Upon NATO's advice the three Baltic states have tried to provide for their security in the framework of common institutions. They have pooled their resources and formed joint military units, airspace surveillance, and military procurement projects. Tearing these institutions apart by inviting them to join in a piecemeal manner would be counterproductive. Treating them differently could be misinterpreted by Russia as horse trading and might lead to a destabilization of those left outside.
There will be no new dividing lines in Europe. NATO remains open to any European democracy willing to join and meeting the requirements of membership. We need to demonstrate our interest in strengthening relations with Russia by expanding support for economic reforms and by engaging in more practical cooperation under the NATO-Russia Founding Act. Joint initiatives could focus on disarmament, preventing the proliferation of weapons of mass destruction, combating international terrorism, resolving regional conflicts, research and development projects for the peaceful use of outer space. We should try to reach a consensus on how to deal with the threat of ballistic missles. The terrorist attacks on the U.S. have highlighted how important cooperation with Russia is. Russia is the key partner in providing stability and security in Europe - and beyond. Unequivocal Russian support for the international coalition on countering terrorism holds out the prospect of more intensive cooperation in the future. President Putin signaled during his recent trip to NATO and during the summit with U.S. President Bush that he is willing to dramatically improve NATO-Russia relations. Thus, we should consider arrangements for more binding and long-term cooperation, including decision-making on joint action as envisaged by the Founding Act on a case-by-case basis.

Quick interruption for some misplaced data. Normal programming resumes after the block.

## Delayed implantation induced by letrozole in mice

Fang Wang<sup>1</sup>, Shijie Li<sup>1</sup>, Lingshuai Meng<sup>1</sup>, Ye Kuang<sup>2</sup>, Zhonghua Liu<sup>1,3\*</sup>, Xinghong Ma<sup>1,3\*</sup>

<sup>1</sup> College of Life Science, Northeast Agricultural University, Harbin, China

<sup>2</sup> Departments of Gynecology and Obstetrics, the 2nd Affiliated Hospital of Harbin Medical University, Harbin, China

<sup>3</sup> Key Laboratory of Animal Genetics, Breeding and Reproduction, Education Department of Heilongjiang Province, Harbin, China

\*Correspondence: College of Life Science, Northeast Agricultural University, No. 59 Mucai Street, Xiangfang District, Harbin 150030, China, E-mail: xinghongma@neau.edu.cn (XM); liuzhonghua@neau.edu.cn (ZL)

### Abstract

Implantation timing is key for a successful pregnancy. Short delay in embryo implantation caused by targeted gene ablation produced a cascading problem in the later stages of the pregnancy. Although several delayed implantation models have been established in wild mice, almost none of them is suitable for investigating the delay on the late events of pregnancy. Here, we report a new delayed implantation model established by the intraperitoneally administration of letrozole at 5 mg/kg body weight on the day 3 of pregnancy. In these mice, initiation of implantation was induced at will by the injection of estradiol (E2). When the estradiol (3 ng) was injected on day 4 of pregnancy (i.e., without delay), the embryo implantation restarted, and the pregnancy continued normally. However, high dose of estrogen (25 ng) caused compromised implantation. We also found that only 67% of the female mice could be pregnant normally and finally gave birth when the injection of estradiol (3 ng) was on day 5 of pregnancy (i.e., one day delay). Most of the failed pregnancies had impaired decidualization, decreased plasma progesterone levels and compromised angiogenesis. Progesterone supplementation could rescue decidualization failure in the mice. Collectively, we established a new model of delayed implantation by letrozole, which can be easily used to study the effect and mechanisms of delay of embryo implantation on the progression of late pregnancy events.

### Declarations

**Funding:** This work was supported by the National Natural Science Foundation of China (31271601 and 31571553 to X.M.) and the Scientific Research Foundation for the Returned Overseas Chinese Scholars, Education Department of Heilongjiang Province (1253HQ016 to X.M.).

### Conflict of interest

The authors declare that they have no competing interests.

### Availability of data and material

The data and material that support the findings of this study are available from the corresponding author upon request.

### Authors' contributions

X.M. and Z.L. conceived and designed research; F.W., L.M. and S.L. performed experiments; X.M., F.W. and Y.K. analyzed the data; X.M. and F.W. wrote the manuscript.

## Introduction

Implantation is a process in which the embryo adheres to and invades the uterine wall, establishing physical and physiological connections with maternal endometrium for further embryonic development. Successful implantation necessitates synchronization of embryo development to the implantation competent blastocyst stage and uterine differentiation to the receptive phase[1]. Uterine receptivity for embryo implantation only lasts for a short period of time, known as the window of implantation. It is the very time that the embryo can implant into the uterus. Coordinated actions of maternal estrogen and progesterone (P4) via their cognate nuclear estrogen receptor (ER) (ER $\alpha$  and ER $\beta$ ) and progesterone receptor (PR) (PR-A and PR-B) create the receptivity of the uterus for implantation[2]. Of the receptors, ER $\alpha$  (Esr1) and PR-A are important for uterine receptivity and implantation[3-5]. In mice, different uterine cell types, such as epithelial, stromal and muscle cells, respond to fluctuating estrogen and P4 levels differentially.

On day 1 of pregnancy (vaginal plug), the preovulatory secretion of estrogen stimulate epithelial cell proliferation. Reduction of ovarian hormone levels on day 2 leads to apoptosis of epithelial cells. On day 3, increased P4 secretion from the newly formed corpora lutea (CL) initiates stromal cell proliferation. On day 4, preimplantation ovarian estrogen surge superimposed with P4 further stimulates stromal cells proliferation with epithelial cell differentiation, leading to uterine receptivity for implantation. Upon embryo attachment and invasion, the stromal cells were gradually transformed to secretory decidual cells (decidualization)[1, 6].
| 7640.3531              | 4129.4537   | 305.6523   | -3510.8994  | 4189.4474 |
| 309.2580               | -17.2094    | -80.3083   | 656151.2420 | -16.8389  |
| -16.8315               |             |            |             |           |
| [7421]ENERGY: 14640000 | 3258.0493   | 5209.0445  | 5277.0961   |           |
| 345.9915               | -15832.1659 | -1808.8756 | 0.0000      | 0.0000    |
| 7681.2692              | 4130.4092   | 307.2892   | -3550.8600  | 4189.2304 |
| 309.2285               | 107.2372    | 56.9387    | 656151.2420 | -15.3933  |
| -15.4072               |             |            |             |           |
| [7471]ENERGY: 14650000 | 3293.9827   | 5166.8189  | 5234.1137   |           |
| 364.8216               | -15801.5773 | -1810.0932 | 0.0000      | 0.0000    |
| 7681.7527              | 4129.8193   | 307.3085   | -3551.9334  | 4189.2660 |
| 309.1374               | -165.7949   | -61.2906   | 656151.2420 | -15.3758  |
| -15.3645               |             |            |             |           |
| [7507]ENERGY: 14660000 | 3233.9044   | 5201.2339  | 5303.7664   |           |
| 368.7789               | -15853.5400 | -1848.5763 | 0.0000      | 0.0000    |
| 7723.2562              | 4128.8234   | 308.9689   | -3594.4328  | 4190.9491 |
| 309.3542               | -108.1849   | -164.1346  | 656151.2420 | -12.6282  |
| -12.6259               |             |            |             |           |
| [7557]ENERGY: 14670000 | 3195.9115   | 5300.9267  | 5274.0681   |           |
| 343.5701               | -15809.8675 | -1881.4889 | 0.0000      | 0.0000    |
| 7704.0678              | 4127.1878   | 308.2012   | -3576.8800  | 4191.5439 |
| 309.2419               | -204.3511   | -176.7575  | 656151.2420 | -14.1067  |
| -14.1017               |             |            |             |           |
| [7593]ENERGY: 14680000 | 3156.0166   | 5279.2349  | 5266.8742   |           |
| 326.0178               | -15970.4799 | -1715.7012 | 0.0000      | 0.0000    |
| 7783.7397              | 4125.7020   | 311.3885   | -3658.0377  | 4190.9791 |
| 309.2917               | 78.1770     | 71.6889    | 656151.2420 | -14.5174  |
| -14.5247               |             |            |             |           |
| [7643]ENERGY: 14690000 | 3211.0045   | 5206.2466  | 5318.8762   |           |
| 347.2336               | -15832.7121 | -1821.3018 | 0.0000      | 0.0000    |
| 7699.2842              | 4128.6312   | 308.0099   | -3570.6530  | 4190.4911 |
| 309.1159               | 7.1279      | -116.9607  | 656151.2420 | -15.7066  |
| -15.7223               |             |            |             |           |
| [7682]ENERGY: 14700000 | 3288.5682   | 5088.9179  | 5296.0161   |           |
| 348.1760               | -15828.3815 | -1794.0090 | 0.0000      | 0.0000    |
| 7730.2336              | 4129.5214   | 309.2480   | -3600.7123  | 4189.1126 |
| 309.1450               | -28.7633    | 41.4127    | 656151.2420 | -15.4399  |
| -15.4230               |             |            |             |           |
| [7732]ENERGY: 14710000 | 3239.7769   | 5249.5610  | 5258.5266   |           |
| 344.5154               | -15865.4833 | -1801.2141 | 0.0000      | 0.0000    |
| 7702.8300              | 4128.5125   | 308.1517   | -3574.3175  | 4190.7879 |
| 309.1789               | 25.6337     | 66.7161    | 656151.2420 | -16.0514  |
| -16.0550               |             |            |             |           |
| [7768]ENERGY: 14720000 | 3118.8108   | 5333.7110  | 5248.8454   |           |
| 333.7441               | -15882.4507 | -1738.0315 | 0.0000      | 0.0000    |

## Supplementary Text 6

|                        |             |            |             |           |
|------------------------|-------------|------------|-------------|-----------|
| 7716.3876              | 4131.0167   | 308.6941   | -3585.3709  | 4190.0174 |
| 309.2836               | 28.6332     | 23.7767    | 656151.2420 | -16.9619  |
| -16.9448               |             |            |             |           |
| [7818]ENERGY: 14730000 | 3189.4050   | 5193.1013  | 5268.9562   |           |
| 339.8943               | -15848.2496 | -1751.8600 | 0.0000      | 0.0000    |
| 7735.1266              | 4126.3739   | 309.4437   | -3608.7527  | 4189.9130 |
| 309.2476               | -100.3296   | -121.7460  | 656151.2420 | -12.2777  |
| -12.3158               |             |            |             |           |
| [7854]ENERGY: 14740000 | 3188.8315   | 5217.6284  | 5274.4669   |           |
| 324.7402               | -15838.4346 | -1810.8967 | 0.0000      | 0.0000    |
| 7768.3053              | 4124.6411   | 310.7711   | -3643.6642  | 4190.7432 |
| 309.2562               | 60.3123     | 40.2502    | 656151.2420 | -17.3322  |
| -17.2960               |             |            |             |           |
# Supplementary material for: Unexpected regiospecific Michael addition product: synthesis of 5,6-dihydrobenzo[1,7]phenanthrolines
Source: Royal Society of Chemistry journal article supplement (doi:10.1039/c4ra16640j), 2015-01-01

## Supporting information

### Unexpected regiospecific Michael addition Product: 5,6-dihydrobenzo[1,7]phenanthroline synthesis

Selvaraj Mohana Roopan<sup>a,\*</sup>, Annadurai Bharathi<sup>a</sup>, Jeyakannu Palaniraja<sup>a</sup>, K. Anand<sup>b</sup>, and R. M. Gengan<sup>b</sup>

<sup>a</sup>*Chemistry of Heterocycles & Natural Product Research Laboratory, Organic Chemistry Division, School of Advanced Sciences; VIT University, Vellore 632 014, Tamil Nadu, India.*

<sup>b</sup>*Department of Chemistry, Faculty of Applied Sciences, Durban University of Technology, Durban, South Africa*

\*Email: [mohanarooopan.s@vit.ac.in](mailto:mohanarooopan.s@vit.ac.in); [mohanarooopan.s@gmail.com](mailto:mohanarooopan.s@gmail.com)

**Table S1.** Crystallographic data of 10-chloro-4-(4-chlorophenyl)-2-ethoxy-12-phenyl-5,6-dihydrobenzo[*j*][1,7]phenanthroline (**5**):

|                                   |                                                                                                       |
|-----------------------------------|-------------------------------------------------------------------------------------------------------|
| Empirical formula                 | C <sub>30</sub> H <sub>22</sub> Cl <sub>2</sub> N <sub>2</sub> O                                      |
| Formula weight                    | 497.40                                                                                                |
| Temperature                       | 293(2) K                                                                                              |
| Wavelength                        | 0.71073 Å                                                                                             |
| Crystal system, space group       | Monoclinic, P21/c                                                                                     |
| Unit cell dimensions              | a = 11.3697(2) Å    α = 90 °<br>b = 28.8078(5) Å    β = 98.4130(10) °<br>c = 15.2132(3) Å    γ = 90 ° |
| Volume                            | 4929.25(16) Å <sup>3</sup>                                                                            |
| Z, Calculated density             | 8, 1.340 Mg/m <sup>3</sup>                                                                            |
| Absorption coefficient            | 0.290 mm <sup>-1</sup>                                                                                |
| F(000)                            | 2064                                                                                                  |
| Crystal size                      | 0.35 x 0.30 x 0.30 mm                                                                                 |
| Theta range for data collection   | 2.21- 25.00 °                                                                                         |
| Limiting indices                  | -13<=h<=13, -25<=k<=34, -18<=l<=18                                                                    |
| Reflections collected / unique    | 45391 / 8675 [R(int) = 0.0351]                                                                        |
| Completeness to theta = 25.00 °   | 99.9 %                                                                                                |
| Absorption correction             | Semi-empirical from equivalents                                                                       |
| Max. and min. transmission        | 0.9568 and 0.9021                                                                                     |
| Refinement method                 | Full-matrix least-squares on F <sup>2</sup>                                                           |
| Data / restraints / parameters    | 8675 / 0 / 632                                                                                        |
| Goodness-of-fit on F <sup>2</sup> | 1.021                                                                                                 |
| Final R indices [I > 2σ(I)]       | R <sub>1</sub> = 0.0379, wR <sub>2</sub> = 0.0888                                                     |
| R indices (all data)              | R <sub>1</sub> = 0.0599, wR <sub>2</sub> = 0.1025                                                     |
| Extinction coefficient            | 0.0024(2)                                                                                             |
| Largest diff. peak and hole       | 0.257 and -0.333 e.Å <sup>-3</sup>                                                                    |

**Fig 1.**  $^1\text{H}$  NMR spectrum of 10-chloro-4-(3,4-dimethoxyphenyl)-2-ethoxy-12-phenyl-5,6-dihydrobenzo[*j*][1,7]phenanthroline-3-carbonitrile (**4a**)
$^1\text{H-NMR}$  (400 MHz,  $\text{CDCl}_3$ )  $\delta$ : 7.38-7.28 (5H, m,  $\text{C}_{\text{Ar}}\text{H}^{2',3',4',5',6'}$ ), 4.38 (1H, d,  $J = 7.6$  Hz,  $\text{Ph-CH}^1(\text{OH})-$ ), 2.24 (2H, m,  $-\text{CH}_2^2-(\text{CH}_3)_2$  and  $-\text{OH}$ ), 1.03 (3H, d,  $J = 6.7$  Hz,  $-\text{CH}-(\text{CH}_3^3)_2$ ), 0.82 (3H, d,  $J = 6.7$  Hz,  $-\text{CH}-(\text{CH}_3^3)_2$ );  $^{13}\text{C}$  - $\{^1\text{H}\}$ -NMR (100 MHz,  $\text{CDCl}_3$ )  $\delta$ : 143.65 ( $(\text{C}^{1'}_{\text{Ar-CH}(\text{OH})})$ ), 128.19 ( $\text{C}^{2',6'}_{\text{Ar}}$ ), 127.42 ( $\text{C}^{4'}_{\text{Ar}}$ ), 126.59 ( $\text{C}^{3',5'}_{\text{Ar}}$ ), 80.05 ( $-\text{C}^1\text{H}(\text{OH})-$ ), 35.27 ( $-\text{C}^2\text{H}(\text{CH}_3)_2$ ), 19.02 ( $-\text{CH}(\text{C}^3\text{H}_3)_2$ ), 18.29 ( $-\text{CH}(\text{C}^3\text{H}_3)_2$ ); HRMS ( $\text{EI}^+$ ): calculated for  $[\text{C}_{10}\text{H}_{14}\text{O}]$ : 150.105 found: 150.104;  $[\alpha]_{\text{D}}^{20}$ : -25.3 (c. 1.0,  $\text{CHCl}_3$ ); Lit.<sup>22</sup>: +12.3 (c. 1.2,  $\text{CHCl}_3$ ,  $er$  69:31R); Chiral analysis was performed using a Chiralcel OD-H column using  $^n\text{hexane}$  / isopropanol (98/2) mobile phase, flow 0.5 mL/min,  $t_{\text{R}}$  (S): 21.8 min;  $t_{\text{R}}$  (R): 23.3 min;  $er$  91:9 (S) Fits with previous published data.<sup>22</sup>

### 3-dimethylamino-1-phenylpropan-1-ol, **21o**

Transparency and predictability are two key features of security. Thus, the Alliance should set a date for a future round of enlargement no later than 2005. This would provide candidates not invited next year with a clear perspective for carrying out future reforms. It would inform others about our intention to maintain the momentum.